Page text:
Anthony Fisic 16:07 – 18:06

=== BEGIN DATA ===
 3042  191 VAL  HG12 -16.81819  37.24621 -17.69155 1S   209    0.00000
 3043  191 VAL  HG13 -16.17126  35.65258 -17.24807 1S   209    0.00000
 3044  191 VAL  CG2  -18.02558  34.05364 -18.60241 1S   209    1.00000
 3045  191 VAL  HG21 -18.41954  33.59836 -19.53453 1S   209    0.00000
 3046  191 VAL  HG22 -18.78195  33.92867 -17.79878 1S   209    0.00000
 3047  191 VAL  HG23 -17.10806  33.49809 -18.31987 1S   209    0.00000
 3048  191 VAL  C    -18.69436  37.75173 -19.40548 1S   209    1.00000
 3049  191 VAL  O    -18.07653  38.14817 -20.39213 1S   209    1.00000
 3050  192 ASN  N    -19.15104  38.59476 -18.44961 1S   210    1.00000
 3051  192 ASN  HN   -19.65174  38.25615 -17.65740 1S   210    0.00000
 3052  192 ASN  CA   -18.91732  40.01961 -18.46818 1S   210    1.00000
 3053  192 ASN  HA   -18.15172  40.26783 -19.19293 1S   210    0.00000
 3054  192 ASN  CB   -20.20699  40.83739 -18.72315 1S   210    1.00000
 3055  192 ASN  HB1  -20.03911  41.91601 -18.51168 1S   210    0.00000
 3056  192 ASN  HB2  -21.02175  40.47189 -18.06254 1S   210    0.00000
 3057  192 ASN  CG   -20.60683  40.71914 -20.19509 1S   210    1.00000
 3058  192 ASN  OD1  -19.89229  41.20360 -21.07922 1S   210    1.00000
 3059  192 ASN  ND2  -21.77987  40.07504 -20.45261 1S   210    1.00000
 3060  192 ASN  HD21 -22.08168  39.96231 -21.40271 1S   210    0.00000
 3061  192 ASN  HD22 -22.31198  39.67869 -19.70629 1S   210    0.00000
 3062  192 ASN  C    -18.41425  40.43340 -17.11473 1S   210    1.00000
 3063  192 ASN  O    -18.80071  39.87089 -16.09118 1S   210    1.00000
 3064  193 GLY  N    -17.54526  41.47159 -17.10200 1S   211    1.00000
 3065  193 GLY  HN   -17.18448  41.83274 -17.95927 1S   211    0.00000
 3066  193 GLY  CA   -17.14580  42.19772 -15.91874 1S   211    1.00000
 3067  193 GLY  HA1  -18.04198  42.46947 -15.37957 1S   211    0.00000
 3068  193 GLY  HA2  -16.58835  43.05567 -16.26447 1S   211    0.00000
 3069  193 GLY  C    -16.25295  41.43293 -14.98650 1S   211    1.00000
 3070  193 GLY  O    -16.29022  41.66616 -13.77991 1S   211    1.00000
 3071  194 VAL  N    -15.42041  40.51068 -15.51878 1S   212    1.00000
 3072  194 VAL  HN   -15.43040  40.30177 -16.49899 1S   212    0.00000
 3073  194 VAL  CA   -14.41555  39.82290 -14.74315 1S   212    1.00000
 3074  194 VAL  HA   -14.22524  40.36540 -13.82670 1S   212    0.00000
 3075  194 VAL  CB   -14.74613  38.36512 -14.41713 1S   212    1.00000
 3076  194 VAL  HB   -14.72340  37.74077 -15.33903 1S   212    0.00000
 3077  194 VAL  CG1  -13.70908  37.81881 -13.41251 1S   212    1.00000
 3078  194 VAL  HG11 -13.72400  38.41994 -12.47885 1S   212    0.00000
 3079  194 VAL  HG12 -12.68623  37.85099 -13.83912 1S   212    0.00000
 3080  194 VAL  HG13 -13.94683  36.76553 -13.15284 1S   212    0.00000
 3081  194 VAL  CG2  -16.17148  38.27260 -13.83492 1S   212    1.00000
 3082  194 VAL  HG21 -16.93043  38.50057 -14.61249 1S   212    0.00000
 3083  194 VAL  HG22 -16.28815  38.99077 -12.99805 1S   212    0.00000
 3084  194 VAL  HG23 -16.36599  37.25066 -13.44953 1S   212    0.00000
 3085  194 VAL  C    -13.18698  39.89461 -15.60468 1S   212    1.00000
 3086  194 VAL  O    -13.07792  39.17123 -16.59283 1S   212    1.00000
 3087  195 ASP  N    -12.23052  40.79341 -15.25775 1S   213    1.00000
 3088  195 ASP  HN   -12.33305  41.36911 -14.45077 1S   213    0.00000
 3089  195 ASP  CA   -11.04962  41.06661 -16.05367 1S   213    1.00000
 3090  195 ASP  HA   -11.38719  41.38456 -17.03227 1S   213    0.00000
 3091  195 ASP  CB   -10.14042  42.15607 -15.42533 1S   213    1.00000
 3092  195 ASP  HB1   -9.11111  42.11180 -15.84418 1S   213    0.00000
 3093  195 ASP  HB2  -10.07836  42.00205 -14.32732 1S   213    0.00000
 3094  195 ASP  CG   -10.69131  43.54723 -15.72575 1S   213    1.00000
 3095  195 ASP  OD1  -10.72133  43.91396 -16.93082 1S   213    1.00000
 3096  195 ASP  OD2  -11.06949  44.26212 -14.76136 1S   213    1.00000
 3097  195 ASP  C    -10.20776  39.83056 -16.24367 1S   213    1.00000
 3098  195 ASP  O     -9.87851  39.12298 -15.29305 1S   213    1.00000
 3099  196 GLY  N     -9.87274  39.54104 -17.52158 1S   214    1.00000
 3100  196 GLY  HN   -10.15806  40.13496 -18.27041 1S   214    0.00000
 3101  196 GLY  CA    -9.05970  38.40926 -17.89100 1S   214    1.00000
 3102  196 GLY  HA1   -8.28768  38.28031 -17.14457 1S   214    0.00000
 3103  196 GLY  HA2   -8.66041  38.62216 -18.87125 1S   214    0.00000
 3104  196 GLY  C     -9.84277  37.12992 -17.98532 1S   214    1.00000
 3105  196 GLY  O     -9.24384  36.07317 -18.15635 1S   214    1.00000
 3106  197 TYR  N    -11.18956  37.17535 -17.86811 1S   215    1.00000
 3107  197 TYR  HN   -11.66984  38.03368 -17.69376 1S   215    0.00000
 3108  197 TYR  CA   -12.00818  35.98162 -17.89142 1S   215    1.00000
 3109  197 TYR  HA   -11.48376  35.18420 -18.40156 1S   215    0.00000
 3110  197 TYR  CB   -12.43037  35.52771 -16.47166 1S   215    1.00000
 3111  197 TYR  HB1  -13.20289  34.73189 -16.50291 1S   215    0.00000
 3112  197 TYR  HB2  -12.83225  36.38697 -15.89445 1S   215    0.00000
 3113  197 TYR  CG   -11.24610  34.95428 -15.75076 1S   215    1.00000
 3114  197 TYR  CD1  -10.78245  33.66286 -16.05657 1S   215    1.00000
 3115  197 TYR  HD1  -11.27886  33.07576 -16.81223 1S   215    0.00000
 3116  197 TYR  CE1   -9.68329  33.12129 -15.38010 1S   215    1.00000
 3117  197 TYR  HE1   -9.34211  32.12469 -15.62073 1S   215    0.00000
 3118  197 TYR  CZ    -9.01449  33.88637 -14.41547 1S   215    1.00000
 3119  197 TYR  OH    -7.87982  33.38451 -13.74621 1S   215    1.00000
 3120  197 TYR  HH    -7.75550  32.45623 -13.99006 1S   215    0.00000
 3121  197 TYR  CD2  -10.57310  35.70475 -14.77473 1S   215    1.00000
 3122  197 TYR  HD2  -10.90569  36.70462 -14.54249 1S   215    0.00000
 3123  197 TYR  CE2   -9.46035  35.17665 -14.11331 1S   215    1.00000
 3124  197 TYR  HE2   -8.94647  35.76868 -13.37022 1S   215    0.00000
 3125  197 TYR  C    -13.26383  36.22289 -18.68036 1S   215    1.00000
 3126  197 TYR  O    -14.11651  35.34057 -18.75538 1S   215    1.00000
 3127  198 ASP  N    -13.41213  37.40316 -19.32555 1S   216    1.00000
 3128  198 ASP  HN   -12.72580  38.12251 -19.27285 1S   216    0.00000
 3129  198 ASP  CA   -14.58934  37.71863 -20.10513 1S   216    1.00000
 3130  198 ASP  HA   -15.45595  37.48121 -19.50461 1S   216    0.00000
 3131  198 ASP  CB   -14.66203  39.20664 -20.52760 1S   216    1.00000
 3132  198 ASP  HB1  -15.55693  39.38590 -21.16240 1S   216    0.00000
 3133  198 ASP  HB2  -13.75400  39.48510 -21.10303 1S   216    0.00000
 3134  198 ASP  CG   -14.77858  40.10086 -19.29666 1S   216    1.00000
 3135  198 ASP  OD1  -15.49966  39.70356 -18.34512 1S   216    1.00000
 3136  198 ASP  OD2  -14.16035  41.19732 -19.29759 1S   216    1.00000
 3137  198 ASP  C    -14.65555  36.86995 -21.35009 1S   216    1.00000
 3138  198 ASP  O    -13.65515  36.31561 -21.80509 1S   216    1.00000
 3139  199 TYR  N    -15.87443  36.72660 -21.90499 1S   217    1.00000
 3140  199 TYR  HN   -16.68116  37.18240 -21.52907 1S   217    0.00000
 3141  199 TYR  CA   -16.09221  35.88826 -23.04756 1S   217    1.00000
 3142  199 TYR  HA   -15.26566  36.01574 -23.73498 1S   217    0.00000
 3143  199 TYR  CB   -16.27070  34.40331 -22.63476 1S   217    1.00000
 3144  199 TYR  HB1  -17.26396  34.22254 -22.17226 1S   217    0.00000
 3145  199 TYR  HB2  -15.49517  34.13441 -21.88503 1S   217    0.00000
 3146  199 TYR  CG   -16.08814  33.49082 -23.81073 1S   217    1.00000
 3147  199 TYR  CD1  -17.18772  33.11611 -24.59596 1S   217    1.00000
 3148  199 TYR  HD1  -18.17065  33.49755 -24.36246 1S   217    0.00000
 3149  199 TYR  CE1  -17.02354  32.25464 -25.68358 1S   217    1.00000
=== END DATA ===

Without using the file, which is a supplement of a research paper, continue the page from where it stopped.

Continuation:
Right. So I think what we did was we made sure everybody was in the same room. Oh, really? As the audit occurred, it was a virtual audit. So we made sure that the security governance manager, the infrastructure leads, and everybody we needed to answer certain controls were in the room. So, in taking a step back from a perspective of high stress, you know, everybody’s trying to do the right thing, and communications can break down. That’s why it’s important to have somebody in the room. And, you know, those are friction points, but that’s the clarity of you speak to this. And then as we talk to, you know, not necessarily associated with the government control design, roles and responsibilities, attestation and expectations. And sure, all those shake out on the SSP, but whether it’s IA or a business partner, infrastructure or app dev or security, or you pick it, or network, we all have to work well together. And I think that my role in that was being a smoothing, calming, everybody’s doing the right thing, let’s find the right answer. And I think in high-stress environments, teams tend to send an email, and then it’s back and forth a week later. And we play this email tag. As I said, getting in the same room and talking to people is the most, I found in this situation and many others, the most effective way to defuse that. Because if you’re looking somebody in the face in a high-stress environment, it’s not you versus me or me versus them, which it’s hard to get through on emails, texts, or virtually. Sitting in the room with somebody breaks down those barriers, and you collaborate. So I think that’s the lesson. Whether it’s this or others, high stress environments, people need to sit next to each other. Bill, and even prior to that, as an organization, you know, and I think that’s once again, we’re fortunate, lots of tenured staff, lots of good relationships and friendships, even, even that was still a stressful enough environment. We saw some of these things happen, and they getting them in the same room, communicating same language. We’re in this together versus tossing things over the fence.